Free world of food blogging creates thicket over copyrights, ethics
You can be certain that everything in this food and wine section is accurate and original. With dozens of reporters, editors, sub-editors, and proofreaders combing each article, a major metropolitan daily newspaper has to be precise, lest it face legal action.
The same, however, can't be said for new media. The advent of the internet has meant that anyone with a cheap laptop, a wireless connection and a few taste buds is now a food writer. Plagiarism, libel and copyright issues are the obvious side effects of such a lack of control, and while the line is definitely drawn when it comes to media law in a print publication, things aren't so clear cut with blogs.
'In general, media laws dealing with defamation and copyright apply to online media the same as they would to traditional media,' says Doreen Weisenhaus, director of the University of Hong Kong's media law project. However, there is no 'umbrella' international law, and the laws in place usually vary with jurisdiction.
Specific to our city, Weisenhaus cites a passage from her book Hong Kong Media Law: 'Hong Kong's Copyright Ordinance was one of the first laws to say that a copyright owner can prevent his or her work from being distributed without permission on the internet. The Hong Kong Intellectual Property Department recommends requesting the ISP [internet service provider] hosting the offending website to remove the infringing material.'
Successful legal action, of course, still depends on a number of factors, including where the copyright infringement victim is and which country hosts the offending blog. Things become even trickier when it comes to food blogging: aside from restaurant reviews, the meat of food writing is recipes, and you can't copyright a list of ingredients. This has caused numerous problems for both bloggers and published authors, especially when a person is considered both.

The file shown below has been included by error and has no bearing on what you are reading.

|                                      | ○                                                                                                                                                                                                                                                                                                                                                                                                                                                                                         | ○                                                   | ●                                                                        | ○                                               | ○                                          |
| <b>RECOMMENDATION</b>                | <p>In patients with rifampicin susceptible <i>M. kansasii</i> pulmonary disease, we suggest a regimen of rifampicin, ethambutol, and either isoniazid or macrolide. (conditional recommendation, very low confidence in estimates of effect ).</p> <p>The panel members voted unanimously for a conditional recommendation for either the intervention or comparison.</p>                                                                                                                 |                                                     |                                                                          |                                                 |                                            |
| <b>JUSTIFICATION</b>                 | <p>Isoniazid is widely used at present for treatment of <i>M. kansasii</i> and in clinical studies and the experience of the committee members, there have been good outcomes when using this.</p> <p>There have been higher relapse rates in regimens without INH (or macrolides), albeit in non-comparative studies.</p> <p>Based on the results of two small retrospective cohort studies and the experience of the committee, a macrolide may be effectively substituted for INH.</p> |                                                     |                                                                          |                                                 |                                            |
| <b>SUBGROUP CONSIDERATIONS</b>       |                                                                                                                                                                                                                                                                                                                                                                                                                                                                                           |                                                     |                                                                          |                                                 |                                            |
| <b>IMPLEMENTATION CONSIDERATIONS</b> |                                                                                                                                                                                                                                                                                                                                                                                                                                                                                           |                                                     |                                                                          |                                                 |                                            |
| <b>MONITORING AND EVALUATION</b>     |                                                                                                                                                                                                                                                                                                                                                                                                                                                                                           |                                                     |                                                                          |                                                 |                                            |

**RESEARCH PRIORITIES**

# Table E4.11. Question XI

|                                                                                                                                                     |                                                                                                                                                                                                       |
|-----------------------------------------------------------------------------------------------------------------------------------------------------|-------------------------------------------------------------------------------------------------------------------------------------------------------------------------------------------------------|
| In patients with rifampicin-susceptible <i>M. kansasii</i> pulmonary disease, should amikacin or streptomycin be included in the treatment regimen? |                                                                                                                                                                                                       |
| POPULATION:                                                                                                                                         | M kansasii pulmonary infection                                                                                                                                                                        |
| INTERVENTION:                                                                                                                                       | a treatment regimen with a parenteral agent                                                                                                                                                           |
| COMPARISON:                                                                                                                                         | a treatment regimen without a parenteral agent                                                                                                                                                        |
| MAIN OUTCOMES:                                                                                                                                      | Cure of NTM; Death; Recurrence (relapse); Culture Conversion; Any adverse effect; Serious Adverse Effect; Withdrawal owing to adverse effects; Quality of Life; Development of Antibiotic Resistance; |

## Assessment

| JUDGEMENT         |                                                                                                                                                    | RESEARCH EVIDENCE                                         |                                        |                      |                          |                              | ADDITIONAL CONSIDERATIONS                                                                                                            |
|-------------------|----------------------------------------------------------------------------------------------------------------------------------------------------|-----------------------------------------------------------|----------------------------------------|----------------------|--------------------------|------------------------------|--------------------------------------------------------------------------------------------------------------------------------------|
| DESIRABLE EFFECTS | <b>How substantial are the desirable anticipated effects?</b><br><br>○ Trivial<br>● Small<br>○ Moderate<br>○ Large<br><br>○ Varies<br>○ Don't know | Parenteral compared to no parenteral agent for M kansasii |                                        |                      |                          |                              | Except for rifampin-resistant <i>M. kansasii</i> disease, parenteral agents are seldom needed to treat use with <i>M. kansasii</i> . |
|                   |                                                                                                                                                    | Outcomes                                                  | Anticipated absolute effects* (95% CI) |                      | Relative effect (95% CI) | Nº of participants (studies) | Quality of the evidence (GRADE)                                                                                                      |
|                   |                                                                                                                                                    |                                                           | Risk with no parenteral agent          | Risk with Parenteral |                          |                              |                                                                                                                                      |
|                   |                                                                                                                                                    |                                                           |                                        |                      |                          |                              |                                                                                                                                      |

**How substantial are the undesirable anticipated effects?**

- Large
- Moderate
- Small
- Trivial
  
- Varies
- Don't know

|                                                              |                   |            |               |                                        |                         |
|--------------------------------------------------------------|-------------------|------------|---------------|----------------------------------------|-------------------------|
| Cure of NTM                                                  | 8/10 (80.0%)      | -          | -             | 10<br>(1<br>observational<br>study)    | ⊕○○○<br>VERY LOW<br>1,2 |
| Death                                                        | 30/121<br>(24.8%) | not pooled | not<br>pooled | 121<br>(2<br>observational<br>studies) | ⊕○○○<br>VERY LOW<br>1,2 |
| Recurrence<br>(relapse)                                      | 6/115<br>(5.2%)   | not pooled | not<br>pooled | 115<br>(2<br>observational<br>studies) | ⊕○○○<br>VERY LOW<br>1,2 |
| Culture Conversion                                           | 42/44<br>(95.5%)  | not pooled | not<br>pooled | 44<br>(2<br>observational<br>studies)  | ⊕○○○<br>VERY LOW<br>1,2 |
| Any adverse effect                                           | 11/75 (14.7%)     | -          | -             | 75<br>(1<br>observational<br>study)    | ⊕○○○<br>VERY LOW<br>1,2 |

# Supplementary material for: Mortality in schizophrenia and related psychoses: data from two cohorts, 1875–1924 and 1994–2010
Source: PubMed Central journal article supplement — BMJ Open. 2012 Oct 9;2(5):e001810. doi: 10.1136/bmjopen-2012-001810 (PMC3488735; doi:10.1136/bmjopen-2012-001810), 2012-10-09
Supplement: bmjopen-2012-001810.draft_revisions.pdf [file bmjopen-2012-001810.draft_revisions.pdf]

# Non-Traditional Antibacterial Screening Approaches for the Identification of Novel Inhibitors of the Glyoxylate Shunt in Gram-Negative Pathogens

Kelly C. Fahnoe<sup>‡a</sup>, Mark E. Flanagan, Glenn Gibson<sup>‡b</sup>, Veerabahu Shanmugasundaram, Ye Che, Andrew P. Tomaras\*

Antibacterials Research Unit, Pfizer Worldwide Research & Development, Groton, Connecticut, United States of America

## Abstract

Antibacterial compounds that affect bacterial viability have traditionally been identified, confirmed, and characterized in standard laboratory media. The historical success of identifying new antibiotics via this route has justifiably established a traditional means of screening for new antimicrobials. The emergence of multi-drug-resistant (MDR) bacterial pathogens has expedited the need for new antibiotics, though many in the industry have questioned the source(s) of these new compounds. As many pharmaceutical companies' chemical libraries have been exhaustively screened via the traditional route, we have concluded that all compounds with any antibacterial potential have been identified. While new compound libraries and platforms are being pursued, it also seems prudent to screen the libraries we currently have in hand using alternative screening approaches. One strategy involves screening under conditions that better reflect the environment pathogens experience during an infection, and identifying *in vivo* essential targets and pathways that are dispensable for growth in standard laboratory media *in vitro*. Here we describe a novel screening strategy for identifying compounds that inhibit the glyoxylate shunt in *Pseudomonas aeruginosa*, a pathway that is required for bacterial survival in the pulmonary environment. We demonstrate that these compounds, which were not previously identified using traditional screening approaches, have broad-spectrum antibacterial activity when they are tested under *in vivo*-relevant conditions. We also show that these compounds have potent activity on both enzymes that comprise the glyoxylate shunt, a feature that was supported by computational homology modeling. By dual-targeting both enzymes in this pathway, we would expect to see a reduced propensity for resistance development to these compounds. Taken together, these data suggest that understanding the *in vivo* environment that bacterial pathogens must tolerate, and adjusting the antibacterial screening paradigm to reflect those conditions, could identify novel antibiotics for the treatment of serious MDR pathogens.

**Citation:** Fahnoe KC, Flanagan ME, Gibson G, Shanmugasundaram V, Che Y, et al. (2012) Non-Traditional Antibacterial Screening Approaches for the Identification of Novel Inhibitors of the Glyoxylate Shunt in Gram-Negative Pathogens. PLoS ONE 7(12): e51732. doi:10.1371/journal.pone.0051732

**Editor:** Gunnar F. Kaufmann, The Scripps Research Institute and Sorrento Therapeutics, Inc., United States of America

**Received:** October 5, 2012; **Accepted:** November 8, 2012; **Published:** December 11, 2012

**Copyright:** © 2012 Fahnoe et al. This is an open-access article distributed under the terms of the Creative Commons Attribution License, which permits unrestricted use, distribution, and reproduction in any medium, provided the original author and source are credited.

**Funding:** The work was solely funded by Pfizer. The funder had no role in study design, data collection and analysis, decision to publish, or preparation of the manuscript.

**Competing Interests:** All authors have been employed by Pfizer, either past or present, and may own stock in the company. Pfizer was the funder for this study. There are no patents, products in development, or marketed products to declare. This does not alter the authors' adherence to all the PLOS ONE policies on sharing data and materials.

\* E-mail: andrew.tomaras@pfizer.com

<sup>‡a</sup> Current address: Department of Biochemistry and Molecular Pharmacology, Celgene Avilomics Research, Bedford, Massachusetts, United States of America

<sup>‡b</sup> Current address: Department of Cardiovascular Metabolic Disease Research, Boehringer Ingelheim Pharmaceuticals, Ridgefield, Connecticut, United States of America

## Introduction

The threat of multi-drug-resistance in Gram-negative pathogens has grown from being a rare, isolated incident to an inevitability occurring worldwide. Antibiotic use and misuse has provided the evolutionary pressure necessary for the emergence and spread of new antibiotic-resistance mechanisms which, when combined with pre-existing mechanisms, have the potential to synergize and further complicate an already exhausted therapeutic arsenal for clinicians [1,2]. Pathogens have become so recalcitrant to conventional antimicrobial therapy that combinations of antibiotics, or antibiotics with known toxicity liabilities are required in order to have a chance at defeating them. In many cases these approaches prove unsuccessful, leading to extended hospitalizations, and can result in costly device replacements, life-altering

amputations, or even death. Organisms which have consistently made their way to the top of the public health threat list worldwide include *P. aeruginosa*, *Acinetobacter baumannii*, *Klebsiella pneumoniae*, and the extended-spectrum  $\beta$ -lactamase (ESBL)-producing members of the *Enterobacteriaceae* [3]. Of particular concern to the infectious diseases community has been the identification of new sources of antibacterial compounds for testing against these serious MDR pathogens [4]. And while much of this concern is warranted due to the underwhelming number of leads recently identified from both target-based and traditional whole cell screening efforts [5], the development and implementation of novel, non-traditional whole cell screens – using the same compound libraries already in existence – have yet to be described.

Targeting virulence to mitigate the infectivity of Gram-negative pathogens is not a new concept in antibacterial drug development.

Dan Lepard is a chef, columnist, cookbook author and blogger. Most recently, he was both celebrated and chastised for asking bloggers who had reprinted his recipes to remove them from their websites. Legal action was never taken, but strongly worded e-mails with links to country-specific copyright protection laws were routinely sent.
'Individual food bloggers probably only think in terms of the recipe they are copying at that moment, without considering that, over time, the result of many bloggers cherry-picking an author's work is that everything can end up online, without any tangible benefit for the writer,' says David Whitehouse, Lepard's business manager. 'We don't ask bloggers to delete whole posts, just the recipe ... Most understand the requests, but there have been hostile responses.'
Many argued that reprinting Lepard's recipes - with credit, mind you - offered more publicity to his published works, but with the lack of strict international media laws to justify either side, no one could say whether there was any wrongdoing. Other incidents, however, are a little clearer cut.